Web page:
Regarding Rabbi Eric Solomon’s Aug. 31 Point of View piece about his recent experience in Israel: He wrote about the fear he and his family experienced when they had to go to air raid shelters. His heart broke at the thought of the death of the children in Gaza but at the same time he was sure the Israeli attack was unequivocally justified. This contradiction produced extreme angst, a paralyzing sadness.
He explained this in Jewish theological terms: Jews in their very origin are a people who do not focus exclusively on themselves but open their hearts to others even though this may bring angst. Being of Christian origin, I know this is also a core Christian belief and, of course, Islamic as well.
Three decades ago, at the funeral for my wife’s grandmother, the rabbi began by saying: “We are here to mourn the death of this woman unlike the Arabs who do not mourn their dead.” My wife said she was so angry that day that she could not mourn.
No doubt Rabbi Solomon would disapprove, but it is a symptom of how deeply, in his words, “unfeeling tribalism” is embedded in critical parts of the American Jewish community. Solomon sees an absence of angst in both right-wing Israelis and Hamas. True enough, but the right-wing is in command in Israel. In this country, AIPAC, the right-wing Jewish lobbying organization, has conducted a remarkably successful campaign to tie the U.S. Congress, left and right, to Israeli policies. Presidents, too, acquiesce.
Across the West Bank, Israel has continuously seized Palestinian land and locked Palestinians into ever-shrinking, isolated reservations. The army protects the half million “settlers” who have moved in. This is conquest clothed in religion, a thing that has occurred often because it works so well.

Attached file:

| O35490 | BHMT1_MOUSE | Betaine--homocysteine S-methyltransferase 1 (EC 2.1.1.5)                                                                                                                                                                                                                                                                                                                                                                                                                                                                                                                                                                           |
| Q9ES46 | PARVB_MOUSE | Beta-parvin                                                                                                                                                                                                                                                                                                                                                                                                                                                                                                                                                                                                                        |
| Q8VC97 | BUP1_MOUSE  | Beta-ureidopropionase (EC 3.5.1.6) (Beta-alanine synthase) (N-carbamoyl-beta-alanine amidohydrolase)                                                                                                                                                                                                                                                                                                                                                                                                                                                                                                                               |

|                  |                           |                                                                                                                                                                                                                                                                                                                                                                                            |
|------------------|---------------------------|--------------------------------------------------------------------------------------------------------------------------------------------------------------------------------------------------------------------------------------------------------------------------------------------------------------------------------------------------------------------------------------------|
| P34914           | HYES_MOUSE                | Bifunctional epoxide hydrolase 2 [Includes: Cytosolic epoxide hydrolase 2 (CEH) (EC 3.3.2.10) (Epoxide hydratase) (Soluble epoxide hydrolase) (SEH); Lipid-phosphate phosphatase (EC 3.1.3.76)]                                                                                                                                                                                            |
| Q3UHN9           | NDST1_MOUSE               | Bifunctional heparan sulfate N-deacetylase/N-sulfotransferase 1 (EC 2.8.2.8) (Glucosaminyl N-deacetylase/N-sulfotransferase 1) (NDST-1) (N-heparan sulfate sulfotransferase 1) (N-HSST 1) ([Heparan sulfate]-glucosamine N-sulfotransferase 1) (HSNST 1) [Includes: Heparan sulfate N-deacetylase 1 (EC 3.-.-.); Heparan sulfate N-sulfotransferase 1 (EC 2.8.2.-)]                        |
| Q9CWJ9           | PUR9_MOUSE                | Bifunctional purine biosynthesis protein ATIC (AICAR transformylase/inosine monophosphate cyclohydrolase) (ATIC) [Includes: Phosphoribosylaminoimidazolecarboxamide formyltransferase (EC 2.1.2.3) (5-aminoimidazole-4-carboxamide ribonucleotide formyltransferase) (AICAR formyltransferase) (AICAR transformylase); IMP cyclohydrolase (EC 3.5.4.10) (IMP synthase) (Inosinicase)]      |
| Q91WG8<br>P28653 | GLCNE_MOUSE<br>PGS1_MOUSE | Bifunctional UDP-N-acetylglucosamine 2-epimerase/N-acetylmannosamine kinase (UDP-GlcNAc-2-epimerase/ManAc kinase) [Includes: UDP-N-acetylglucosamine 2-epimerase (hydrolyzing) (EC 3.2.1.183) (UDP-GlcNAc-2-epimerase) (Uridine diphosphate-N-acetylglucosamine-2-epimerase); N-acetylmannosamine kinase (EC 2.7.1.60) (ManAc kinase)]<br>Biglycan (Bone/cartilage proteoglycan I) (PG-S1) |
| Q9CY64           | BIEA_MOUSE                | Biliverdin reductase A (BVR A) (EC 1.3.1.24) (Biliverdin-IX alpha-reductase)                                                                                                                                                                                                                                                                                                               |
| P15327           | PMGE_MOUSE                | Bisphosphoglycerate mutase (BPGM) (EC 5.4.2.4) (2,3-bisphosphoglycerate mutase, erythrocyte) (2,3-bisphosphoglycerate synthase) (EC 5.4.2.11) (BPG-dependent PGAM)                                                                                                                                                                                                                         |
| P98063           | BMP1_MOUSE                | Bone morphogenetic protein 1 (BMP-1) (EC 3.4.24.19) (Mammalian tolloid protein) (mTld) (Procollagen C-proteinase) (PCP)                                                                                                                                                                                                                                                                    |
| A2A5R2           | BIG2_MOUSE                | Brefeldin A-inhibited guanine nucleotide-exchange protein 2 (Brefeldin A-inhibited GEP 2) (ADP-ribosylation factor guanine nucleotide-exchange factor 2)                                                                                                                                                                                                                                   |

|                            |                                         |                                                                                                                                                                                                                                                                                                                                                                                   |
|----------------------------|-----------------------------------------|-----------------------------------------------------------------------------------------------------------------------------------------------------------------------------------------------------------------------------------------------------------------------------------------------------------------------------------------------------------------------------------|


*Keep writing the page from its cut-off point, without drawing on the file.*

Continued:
Today, the colonization appears to have gone past the point where a “two-state” solution is possible. Prime Minister Benjamin Netanyahu has made it clear enough: Israel will always control the West Bank for “security” reasons. Israel today has its solution, and it is the one-state solution. The displacement of the Palestinians will continue apace while the U.S. continues to block every attempt at justice in the U.N.
Antony Lerman wrote recently in his essay, “The End of Liberal Zionism,” that “Israel is not Judaism” and liberal illusions about two states are at an end. Miko Peled, an Israeli-born Jew, argues for the creation of a democratic one-state country based on the separation of church and state. This would allow for democracy for all and for people of all faiths, or no faith, to have the possibility of opening their hearts to each other. It is a proven model.
Lerman hopes to see paralyzing liberal angst transcended and turned into an activist political force that will set things right. He has been called a “self-hating Jew.” If all Americans of good will would unite with this, it might have a chance. Ironically, they will be called “anti-Semites.”
Jerry Carr, Ph.D.